Birmingham Hippodrome has survived a string of owners, more than one makeover and even a German bomb. Nick Smurthwaite looks back at the theatre’s history and the famous faces that have graced its stage
One of the busiest theatres in the country, Birmingham Hippodrome regularly exceeds the 600,000 mark in annual attendance.
But it wasn’t always so popular. More than a century ago, when local brothers James and Henry Draysey (successful bookies and property developers) built a 3,000-seat theatre in Hurst Street – then known as the Tower of Varieties and Circus – adjoining the Assembly Rooms, it lasted just five weeks.
The Draysey brothers modelled their theatre on the Tower Circus in Blackpool, intending to produce circus as well as variety and concerts, with a circular floor that could be lowered and filled with water for aquatic-themed shows.
The most eye-catching architectural feature of the original theatre was an onion-shaped, Moorish-style tower, illuminated by electricity to draw attention to this new place of entertainment.
The existing 11 theatres and music halls in Birmingham already boasted loyal patrons, and after a bright start the Tower experienced a box office slump so catastrophic that it was forced to close.
Nine months later it reopened as the Tivoli Theatre of Varieties, under the management of Thomas Barrasford, who owned a number of other regional venues in Leeds and Hull. The building looked the same from the outside, but inside the auditorium had been transformed from circus-style in-the-round to the more traditional proscenium arch.
It wasn’t until 1903 that it became the Birmingham Hippodrome, presenting twice-nightly music hall.
One of the best-loved attractions in the early days was Fred Karno and his company, which featured the talented newcomers Charlie Chaplin and Stan Laurel. Some four decades later, Laurel and Hardy headlined the Hippodrome bill on three separate occasions.
In 1924, the theatre was sold to the mighty Moss Empires, the leading theatre owners of the time, and underwent further refurbishments and improvements, including a steep, fan-shaped circle, and a reduction in seating capacity to 1,900. A ballroom with a live band operated where the circle restaurant is now.
A German incendiary bomb shattered the roof in 1940, but the Hippodrome’s in-house firefighter was able to extinguish the fire that followed and limit the damage. The neighbouring Empire theatre was less fortunate and went up in smoke the same night.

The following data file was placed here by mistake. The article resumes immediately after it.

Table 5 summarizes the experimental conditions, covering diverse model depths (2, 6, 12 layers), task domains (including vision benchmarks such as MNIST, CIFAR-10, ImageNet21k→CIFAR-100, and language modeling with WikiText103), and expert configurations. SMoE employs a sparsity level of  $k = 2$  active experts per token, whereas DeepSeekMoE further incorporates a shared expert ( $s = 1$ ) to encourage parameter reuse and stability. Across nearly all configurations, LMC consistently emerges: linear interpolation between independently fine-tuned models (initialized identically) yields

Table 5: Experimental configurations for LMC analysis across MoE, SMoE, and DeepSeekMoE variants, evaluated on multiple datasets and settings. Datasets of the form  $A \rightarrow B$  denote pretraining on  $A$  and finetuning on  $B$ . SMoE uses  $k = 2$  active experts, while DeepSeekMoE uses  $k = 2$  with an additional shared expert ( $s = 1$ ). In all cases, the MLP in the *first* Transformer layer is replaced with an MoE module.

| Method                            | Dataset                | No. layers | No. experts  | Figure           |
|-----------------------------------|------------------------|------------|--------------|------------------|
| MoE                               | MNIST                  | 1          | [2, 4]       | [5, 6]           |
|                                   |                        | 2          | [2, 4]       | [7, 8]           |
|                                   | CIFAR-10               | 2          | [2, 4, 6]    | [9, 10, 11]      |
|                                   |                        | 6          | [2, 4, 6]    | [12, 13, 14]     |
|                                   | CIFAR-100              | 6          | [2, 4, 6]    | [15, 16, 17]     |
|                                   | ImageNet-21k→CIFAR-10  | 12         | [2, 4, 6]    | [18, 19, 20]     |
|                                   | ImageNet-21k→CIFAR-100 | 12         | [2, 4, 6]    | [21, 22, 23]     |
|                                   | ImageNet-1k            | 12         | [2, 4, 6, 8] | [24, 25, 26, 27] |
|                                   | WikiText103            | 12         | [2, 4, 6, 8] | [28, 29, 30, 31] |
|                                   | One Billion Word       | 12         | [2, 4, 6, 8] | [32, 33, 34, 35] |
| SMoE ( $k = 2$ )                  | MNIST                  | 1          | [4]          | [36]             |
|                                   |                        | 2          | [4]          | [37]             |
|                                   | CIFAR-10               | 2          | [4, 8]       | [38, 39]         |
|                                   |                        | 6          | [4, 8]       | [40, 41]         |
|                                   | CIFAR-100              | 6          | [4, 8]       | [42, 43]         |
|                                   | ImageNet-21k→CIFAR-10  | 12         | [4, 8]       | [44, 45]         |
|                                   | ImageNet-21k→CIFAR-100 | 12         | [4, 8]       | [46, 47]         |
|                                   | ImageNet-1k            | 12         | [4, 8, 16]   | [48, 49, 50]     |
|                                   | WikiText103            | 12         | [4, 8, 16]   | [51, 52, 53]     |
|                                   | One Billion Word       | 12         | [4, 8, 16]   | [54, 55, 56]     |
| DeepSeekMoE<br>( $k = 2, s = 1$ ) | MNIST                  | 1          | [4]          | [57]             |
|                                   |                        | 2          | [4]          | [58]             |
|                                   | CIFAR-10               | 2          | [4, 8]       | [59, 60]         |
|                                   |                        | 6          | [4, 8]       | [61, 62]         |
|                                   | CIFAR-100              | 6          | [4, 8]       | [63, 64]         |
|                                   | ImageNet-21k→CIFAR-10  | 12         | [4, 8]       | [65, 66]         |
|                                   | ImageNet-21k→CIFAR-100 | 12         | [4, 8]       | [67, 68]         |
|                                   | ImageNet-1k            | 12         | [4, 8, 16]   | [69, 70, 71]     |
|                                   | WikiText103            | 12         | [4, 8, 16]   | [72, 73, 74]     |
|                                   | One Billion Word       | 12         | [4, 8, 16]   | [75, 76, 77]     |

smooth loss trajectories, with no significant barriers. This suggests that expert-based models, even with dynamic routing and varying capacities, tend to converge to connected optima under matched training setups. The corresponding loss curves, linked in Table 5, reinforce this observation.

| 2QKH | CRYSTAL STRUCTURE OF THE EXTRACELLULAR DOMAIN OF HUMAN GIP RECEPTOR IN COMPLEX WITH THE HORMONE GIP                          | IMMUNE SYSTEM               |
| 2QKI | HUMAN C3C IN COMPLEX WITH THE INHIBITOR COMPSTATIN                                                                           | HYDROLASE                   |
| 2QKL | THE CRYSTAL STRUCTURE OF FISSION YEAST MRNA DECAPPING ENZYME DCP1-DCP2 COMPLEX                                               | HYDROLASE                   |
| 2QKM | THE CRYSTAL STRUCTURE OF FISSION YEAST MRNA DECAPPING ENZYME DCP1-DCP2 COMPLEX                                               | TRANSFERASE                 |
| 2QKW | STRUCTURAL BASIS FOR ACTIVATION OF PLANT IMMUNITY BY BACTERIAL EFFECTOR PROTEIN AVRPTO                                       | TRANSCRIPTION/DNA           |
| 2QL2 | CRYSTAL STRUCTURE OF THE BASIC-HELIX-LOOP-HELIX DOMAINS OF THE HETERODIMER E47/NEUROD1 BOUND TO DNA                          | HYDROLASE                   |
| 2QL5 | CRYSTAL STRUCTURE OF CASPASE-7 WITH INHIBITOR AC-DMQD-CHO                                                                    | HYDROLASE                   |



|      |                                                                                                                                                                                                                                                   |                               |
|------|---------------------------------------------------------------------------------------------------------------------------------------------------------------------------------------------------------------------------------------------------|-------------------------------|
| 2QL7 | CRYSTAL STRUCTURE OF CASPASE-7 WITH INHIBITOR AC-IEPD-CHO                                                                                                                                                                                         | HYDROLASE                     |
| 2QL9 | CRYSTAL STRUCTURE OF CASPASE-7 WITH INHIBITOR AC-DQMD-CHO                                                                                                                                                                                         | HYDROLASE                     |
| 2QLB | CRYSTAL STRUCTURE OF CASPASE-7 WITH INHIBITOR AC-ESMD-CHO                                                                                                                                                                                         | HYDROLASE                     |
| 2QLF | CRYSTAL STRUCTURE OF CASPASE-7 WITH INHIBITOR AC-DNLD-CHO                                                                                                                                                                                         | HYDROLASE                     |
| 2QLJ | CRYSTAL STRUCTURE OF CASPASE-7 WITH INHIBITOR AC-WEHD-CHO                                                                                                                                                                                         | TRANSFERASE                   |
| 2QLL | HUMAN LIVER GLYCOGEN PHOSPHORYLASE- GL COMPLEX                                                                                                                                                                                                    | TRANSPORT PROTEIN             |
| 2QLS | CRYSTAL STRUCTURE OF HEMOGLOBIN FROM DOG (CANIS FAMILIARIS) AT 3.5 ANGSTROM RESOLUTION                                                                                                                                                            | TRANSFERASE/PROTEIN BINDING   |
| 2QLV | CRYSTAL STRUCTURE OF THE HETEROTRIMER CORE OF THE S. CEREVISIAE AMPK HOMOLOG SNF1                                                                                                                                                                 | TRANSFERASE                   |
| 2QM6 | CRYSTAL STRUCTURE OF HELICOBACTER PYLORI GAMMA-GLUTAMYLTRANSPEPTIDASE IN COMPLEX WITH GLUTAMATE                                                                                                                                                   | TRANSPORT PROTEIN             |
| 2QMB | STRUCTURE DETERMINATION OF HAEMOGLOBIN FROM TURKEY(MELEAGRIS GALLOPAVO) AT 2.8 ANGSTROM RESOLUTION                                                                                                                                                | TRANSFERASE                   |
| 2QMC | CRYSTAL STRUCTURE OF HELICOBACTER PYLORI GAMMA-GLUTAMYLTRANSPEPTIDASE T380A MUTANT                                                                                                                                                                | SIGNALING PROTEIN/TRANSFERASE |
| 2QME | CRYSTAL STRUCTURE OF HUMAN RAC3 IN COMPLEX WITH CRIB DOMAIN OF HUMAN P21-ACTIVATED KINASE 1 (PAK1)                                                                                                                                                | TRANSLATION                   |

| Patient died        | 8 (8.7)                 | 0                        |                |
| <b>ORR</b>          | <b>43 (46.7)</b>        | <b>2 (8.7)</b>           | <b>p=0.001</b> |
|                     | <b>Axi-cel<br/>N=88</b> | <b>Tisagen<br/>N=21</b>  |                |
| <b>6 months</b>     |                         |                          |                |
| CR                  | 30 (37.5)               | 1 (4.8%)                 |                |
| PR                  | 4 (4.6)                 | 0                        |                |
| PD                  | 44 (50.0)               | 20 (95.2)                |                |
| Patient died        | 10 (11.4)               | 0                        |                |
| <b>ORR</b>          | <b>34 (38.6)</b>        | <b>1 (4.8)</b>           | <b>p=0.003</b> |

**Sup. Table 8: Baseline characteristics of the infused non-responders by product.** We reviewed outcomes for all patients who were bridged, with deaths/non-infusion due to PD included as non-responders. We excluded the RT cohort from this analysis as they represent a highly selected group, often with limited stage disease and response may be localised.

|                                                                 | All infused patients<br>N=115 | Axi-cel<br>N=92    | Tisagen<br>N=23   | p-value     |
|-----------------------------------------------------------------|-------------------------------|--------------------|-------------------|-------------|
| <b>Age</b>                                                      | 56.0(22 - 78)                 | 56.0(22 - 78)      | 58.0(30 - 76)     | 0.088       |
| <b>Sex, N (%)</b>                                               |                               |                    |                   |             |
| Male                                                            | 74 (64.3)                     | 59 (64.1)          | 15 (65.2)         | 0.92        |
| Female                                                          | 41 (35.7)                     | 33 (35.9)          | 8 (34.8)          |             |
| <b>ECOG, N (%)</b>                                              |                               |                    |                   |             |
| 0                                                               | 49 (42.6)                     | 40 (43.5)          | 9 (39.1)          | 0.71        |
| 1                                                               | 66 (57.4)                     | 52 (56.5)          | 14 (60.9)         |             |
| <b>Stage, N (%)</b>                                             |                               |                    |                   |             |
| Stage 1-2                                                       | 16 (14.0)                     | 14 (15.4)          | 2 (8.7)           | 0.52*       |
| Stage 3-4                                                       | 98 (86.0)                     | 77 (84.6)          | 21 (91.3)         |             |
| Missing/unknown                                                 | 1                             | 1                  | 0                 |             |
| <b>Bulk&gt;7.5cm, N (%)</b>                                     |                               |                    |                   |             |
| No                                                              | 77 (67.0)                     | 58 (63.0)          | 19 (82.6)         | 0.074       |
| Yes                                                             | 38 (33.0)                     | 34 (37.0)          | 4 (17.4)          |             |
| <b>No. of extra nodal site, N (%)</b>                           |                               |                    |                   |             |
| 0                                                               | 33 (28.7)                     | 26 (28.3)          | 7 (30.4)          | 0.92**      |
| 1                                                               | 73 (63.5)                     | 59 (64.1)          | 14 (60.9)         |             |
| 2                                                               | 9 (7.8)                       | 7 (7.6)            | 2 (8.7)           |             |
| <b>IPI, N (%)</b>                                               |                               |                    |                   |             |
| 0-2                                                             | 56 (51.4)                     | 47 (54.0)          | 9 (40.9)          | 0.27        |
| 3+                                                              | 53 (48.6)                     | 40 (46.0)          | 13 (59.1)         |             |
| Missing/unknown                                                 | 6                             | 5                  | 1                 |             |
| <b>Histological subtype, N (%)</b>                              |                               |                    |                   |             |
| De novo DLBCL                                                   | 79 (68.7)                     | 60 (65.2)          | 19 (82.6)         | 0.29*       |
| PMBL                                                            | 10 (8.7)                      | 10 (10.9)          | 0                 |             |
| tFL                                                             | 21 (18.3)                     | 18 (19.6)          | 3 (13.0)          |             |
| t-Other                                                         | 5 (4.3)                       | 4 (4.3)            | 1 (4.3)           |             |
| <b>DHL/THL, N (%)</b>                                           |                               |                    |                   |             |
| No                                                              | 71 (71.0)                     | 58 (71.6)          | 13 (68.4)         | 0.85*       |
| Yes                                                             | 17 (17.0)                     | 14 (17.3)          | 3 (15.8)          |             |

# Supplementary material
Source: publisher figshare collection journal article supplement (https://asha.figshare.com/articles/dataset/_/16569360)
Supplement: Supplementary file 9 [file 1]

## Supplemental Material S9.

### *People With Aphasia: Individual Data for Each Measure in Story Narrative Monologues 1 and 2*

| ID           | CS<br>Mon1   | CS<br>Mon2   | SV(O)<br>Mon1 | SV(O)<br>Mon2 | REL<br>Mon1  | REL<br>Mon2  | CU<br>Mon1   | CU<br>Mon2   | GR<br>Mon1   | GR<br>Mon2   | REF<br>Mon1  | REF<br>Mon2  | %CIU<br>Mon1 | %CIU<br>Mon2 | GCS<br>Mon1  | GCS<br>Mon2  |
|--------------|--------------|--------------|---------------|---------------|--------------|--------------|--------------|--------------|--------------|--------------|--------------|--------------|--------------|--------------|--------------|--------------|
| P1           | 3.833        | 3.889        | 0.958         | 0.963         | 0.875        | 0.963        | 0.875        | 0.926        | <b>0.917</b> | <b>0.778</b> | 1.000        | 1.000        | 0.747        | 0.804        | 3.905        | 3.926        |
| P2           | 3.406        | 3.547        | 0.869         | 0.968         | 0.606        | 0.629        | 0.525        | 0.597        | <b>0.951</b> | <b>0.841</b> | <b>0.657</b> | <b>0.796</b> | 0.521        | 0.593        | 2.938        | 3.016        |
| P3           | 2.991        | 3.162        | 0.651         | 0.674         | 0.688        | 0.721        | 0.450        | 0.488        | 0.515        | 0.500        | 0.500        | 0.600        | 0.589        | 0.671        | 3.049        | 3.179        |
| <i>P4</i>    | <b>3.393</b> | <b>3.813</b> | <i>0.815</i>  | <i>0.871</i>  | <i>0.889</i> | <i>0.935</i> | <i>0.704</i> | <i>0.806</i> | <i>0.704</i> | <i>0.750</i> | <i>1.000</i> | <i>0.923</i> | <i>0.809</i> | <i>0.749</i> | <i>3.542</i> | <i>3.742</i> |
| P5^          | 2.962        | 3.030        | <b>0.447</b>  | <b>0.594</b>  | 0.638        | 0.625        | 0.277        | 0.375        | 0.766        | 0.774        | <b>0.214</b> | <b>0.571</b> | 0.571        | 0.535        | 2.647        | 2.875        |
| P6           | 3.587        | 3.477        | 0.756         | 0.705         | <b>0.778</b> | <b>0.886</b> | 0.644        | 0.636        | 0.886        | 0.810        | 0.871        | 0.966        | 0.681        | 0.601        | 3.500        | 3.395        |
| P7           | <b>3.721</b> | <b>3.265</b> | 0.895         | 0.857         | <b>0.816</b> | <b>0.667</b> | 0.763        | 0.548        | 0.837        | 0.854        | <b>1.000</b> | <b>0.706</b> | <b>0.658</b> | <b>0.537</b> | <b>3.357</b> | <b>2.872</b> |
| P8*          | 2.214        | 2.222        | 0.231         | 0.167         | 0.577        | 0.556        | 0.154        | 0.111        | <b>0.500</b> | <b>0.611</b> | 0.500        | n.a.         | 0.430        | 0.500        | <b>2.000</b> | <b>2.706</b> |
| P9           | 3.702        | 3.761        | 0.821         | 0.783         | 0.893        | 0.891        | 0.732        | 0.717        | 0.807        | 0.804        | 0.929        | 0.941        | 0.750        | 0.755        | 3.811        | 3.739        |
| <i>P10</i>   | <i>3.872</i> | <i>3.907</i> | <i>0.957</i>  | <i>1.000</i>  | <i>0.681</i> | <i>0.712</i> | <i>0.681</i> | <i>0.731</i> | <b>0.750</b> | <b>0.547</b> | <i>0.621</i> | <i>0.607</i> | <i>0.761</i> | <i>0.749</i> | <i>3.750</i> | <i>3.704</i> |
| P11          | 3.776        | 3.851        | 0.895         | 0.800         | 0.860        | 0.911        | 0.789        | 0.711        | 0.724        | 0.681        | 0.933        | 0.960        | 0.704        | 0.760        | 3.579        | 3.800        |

Miraculously the onion-shaped tower survived the Nazi onslaught, but it was taken down in 1960 for safety reasons. There have been numerous changes and upgrades to the exterior over the years, including a pink and white fibre glass façade in the 1980s, and a decade later, the glass frontage that exists today.
The rise of pop and rock in the 1950s and 1960s caused a big shift away from the pre-war, twice-nightly mixed variety programmes to shows headlined by the likes of Cliff Richard and Marty Wilde.
Pantomime also became one of the Hippodrome’s most lucrative attractions and has remained so – a run usually lasts until the end of February, as with this season’s Snow White and the Seven Dwarfs.
Moss Empires sold the freehold to the City of Birmingham for £50,000 in 1979, and the Birmingham Hippodrome Theatre Trust was established to safeguard its future. Yet another major programme of work began, with improvements to the stage, the flytower, dressing rooms, orchestra pit, auditorium, front of house, heating and ventilation systems.
By this time, the Welsh National Opera had established a residency, bringing its world-class productions to the Hippodrome twice a year – in March and November – usually performing three shows in repertory.
‘We have one of the biggest and best pantos outside the Palladium’ – Sophie Lewis
Equally prestigious is the presence of the Birmingham Royal Ballet – an offshoot of the London-based Royal Ballet – which has been based at the Hippodrome since 1990. As well as staging three productions there a year, including perennial crowd favourite The Nutcracker, the BRB offers public workshops and pre-show discussions.
In the late 1990s, the Hippodrome, the BRB and the charity DanceXchange brought about an overhaul of the theatre’s public and backstage areas, as well as the addition of a 200-seat studio theatre, dance studios and offices, and a centre for the treatment of dance injuries. The project won a Royal Institute of British Architects award in 2002.
Though he is a Londoner, actor and comedian Brian Conley has a great fondness for the Hippodrome and its audience, describing it as his favourite theatre outside the capital. In 2015, while playing the lead in the musical Barnum, he celebrated his 600th performance at the venue, having previously appeared in Jolson, Chitty Chitty Bang Bang, Oliver!, Hairspray, and six pantomimes.
Archivist Sophie Lewis, attempting to define what makes the Hippodrome such an ongoing success, says: “We’re open all year round, with no dark days, we have one of the biggest and best pantos outside the [London] Palladium, we have two world-class residencies, and we have a wonderful, loyal audience.”
The Draysey brothers would probably have been astonished and delighted by their legacy.
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